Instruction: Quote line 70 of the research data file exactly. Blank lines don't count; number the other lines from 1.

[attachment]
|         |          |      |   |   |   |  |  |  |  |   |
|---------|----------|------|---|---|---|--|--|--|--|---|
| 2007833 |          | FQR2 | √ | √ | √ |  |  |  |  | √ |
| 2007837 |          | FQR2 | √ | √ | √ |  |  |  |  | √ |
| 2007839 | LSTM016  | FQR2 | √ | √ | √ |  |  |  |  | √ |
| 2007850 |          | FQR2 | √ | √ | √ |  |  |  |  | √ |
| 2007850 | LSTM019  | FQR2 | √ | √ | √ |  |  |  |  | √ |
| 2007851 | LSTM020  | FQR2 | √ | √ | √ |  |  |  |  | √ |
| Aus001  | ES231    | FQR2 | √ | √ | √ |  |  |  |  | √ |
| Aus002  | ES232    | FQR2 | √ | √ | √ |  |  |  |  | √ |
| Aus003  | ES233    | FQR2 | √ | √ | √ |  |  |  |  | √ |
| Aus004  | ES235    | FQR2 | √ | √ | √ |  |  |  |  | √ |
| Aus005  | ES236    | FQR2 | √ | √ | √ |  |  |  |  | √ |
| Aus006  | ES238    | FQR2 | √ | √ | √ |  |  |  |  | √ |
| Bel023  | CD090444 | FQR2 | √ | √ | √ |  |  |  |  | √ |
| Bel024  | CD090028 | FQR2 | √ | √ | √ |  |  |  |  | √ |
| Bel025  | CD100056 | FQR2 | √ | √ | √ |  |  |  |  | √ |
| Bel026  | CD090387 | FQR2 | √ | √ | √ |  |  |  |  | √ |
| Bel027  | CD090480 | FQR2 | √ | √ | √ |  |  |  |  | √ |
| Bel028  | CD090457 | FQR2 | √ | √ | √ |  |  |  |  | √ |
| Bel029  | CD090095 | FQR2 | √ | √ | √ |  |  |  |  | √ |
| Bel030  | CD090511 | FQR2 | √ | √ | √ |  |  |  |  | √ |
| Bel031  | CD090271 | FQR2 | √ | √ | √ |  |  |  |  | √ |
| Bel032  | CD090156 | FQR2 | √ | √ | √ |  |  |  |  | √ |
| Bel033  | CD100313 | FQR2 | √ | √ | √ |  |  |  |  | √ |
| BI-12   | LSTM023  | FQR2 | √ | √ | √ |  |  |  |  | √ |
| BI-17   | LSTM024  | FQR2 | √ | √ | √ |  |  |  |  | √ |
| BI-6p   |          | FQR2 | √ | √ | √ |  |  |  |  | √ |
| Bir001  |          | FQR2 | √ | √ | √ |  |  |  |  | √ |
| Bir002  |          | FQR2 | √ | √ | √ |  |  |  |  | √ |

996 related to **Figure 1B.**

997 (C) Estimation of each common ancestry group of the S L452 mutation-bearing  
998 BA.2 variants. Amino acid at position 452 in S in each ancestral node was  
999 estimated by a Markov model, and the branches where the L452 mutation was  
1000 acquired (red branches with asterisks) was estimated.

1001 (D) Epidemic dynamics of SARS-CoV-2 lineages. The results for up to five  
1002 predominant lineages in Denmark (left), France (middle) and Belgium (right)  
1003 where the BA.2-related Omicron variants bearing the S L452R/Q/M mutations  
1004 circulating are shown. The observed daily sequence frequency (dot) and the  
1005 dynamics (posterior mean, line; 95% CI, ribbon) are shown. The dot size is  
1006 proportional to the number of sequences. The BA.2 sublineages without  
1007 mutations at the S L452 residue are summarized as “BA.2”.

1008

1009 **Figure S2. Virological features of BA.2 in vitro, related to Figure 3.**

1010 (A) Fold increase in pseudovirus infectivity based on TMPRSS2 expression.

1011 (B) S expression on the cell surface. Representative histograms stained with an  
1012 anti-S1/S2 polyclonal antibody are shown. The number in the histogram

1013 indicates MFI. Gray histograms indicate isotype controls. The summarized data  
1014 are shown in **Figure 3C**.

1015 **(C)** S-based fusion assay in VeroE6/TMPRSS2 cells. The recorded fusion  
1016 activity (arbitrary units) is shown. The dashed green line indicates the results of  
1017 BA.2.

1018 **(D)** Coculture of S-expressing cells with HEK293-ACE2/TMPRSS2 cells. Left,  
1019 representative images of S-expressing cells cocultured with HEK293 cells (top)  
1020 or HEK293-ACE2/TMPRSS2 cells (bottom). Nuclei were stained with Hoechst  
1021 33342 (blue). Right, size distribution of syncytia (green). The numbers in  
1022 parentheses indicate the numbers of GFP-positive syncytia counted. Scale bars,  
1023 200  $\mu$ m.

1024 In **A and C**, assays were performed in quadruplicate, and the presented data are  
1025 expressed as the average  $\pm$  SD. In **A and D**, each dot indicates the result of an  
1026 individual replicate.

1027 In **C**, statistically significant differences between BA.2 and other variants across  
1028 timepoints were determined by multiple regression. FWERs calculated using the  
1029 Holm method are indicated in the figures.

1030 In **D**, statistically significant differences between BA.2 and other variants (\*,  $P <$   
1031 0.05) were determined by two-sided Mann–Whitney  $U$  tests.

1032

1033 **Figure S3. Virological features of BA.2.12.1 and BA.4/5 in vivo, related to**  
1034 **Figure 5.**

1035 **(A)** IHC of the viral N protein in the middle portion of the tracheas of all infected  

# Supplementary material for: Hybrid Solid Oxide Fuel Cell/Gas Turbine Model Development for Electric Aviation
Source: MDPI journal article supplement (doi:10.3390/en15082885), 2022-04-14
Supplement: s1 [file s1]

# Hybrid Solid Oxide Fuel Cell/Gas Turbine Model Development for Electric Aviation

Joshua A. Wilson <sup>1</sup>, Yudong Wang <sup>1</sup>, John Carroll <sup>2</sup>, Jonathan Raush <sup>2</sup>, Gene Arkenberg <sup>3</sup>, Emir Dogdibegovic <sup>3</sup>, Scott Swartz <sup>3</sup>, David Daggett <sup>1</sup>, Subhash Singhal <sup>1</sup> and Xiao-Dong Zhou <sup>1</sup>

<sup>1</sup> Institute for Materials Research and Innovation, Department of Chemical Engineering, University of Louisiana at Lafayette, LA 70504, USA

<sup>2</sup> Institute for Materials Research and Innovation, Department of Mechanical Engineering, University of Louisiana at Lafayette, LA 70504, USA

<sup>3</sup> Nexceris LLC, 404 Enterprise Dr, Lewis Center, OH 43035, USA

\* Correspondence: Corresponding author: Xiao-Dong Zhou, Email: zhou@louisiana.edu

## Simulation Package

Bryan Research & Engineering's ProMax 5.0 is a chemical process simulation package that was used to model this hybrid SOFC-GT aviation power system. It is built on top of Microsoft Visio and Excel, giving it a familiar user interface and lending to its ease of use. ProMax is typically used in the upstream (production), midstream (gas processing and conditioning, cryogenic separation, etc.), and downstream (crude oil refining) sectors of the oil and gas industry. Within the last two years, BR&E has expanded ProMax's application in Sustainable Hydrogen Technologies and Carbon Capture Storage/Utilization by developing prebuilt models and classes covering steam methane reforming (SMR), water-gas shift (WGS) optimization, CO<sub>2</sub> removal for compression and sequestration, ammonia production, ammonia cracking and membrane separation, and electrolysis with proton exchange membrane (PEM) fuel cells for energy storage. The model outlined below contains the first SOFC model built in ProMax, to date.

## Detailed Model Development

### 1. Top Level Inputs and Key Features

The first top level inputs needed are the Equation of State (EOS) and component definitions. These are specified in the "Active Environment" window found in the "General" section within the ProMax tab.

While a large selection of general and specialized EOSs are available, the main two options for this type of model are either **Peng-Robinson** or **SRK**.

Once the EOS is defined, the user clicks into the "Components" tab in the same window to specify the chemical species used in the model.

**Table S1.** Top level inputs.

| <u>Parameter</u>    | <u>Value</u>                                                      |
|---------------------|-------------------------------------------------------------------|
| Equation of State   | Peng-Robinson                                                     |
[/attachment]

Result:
1035 **(A)** IHC of the viral N protein in the middle portion of the tracheas of all infected  